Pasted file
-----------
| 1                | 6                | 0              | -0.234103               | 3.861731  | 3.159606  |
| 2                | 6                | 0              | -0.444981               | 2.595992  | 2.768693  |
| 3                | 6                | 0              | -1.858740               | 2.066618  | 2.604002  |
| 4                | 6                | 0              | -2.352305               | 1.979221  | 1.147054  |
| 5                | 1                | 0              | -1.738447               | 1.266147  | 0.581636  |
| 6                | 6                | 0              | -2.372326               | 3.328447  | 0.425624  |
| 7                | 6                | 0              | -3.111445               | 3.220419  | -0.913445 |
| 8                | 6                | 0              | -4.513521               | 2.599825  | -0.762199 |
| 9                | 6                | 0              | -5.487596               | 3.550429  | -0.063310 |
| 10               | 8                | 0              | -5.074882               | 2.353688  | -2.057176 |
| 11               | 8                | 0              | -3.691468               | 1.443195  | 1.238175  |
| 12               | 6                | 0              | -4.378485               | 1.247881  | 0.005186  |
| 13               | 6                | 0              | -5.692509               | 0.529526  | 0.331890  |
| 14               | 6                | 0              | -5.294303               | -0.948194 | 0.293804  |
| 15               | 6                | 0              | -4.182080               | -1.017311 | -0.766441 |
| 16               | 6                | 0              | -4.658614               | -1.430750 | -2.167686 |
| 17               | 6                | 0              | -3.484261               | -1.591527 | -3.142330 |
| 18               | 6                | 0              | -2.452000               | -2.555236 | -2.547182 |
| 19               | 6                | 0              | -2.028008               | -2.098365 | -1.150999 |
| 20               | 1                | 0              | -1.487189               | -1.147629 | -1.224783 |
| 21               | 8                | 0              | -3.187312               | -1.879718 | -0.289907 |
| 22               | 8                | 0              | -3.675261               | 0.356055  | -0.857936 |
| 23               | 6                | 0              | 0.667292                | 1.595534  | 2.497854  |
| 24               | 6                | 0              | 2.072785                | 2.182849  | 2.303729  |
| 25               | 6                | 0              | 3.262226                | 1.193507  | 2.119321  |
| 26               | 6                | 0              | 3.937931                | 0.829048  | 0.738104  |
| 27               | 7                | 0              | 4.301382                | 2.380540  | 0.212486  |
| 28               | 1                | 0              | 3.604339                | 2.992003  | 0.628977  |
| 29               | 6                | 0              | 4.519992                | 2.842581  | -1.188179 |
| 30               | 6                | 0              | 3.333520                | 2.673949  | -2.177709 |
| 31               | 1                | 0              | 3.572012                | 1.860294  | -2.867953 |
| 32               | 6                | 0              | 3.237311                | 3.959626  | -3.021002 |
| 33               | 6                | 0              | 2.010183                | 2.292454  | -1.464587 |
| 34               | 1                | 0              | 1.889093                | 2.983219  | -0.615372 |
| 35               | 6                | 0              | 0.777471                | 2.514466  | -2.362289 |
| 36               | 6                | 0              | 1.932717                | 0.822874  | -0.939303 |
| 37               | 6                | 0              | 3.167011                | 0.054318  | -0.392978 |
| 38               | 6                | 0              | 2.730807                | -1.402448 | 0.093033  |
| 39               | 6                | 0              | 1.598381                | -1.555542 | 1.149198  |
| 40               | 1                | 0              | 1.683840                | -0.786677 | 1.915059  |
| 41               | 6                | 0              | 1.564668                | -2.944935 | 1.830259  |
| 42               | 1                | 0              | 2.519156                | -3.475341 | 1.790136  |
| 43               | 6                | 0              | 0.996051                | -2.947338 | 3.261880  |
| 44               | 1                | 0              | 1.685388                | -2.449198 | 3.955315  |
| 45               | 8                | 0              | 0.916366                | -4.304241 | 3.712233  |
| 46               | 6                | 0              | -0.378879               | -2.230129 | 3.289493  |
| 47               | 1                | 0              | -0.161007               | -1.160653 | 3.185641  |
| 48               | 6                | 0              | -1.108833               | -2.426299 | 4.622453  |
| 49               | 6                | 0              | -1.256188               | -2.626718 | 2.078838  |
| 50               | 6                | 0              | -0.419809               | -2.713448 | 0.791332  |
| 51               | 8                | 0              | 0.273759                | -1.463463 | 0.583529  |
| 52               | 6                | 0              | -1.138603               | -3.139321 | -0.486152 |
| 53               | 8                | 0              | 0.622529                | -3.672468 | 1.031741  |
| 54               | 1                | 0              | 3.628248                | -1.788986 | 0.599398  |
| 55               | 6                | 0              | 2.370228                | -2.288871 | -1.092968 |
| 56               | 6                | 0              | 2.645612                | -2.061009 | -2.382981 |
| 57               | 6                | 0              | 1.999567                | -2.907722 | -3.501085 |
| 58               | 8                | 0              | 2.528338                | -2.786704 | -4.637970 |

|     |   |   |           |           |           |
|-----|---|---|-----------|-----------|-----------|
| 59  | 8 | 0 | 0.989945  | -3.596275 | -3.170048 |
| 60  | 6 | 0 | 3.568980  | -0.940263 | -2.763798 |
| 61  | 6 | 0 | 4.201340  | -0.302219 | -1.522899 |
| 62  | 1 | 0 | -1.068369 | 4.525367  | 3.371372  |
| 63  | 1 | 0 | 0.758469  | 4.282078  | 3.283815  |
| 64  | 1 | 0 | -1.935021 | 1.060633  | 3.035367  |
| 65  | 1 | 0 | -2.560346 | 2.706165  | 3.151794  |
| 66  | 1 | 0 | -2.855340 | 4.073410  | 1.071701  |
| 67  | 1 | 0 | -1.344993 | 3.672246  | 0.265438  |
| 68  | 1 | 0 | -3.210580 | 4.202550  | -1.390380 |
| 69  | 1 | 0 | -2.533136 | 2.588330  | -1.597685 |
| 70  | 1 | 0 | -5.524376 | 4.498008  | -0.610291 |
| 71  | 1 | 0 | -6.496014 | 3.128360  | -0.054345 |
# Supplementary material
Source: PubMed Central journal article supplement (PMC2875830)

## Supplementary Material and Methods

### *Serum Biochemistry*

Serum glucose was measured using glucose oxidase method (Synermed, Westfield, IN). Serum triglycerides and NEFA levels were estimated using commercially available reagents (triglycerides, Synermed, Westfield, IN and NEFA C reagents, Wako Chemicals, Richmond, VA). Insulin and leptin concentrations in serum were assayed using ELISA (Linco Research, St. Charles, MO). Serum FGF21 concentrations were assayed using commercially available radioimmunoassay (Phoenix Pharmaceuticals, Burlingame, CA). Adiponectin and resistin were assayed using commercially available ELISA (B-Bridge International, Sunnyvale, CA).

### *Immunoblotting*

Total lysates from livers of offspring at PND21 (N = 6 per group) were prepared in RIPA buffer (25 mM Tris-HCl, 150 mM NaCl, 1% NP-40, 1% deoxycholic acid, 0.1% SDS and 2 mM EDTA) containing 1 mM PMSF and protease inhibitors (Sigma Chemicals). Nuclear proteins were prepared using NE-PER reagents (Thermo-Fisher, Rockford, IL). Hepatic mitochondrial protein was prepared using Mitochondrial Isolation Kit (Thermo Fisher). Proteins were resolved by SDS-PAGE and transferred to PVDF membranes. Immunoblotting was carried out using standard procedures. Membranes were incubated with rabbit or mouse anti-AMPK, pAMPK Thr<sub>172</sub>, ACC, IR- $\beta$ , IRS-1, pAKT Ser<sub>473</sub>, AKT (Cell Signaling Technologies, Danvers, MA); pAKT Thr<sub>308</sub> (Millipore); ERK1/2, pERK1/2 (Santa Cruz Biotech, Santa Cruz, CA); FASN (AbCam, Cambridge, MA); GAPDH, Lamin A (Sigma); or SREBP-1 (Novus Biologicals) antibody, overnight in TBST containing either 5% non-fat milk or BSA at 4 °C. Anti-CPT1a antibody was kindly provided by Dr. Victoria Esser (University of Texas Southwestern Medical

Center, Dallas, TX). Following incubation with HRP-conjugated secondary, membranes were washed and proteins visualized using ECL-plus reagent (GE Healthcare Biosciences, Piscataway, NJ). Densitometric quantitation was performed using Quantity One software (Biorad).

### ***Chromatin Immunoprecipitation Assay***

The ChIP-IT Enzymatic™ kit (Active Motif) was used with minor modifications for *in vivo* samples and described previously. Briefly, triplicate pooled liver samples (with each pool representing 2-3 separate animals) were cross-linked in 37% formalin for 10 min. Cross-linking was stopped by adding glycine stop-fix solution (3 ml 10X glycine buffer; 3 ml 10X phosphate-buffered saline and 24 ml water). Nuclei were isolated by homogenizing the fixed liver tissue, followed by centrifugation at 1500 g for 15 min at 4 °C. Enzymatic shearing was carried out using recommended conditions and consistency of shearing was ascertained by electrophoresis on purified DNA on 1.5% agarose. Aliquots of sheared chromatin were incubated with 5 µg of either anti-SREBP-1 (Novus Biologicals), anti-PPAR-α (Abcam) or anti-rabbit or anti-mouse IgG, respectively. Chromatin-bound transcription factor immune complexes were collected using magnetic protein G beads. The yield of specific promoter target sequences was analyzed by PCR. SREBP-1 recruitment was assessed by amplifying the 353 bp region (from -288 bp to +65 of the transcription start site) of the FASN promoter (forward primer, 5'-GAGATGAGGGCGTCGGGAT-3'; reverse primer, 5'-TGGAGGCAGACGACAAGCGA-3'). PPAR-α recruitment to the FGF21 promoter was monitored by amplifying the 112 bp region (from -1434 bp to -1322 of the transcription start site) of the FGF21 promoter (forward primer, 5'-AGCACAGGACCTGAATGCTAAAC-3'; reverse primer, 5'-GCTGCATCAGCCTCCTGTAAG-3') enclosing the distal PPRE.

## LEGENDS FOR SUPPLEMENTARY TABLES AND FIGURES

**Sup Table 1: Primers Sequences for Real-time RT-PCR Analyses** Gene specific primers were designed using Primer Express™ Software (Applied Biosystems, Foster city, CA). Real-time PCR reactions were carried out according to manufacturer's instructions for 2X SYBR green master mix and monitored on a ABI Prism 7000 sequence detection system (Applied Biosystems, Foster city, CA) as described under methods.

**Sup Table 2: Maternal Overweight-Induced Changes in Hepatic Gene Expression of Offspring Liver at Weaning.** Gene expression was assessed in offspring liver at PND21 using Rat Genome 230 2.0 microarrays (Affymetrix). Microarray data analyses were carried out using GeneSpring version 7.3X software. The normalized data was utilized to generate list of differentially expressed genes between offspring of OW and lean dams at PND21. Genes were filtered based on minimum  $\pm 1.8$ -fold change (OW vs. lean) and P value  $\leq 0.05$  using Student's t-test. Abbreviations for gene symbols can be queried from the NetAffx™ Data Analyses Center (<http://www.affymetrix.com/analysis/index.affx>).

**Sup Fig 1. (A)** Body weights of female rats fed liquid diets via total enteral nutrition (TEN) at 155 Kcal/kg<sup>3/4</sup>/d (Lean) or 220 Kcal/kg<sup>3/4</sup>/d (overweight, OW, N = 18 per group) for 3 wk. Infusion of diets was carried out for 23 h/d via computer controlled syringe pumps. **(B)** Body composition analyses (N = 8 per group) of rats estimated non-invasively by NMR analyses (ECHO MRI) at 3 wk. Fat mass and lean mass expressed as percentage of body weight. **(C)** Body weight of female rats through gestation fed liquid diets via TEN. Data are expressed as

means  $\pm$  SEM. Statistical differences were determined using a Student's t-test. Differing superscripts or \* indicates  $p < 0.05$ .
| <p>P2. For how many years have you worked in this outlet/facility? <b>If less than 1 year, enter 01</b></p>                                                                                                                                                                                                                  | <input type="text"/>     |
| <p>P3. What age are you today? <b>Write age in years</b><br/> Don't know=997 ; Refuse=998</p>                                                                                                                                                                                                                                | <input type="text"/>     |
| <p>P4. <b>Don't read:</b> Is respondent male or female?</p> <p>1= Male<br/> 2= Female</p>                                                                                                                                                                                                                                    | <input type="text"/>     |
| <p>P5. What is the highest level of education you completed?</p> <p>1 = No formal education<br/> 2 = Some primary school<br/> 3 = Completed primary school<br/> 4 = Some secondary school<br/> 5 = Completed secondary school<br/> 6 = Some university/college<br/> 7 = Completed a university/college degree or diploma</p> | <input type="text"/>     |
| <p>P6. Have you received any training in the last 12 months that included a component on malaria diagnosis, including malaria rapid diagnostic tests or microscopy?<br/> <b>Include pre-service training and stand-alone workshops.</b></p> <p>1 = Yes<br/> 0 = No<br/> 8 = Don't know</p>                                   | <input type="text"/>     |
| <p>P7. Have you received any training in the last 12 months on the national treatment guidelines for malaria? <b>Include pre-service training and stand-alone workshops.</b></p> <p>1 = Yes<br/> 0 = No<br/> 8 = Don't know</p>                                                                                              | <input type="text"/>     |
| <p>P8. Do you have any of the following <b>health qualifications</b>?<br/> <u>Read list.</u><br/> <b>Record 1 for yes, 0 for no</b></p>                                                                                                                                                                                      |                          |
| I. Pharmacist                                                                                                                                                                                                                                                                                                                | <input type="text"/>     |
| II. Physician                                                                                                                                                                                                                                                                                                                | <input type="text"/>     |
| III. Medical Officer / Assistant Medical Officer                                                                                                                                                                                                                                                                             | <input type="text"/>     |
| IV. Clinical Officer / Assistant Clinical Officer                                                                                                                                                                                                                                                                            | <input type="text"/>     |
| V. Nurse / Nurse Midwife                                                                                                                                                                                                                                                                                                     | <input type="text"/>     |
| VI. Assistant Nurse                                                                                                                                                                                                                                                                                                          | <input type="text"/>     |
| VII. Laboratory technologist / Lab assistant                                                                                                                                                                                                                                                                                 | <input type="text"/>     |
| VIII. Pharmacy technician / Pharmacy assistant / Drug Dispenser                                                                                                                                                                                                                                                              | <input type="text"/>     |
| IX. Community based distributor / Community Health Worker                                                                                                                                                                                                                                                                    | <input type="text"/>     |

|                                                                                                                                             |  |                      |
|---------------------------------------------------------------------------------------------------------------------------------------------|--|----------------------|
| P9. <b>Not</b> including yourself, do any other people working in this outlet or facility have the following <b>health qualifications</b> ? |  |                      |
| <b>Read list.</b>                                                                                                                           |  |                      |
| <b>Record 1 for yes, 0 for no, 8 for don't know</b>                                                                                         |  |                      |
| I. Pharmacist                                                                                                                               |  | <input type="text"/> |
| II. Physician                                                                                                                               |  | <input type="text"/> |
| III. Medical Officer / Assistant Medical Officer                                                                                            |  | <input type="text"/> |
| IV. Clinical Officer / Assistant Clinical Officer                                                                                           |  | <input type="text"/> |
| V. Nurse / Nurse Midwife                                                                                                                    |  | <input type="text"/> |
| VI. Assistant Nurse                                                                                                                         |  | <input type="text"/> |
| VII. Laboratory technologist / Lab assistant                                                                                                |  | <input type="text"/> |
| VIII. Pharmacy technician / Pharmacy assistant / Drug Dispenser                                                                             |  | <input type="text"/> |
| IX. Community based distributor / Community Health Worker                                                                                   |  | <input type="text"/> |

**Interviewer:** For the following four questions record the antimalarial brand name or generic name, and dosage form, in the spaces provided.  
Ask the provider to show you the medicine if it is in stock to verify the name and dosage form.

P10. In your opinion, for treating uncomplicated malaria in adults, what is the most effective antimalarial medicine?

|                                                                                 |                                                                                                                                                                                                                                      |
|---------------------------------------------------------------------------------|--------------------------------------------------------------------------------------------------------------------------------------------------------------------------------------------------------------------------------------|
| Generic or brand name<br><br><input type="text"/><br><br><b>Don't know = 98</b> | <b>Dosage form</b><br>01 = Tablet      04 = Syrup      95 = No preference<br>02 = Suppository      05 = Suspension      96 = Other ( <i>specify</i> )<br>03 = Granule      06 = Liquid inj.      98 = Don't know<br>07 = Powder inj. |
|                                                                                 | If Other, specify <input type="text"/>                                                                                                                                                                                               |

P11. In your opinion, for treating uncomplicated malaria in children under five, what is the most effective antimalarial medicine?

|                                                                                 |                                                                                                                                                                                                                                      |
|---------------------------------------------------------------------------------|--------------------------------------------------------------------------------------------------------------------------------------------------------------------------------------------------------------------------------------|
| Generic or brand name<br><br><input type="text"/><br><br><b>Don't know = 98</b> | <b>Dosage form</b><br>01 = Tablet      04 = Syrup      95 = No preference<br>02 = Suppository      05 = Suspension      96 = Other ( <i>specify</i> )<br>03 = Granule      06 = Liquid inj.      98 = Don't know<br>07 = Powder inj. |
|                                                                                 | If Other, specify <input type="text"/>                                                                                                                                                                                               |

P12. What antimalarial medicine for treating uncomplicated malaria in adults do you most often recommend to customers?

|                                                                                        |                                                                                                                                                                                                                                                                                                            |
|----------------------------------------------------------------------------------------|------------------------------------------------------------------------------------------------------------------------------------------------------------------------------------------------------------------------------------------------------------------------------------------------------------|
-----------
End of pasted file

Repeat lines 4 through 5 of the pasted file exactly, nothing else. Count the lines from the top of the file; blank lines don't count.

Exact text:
| 4                | 6                | 0              | -2.352305               | 1.979221  | 1.147054  |
| 5                | 1                | 0              | -1.738447               | 1.266147  | 0.581636  |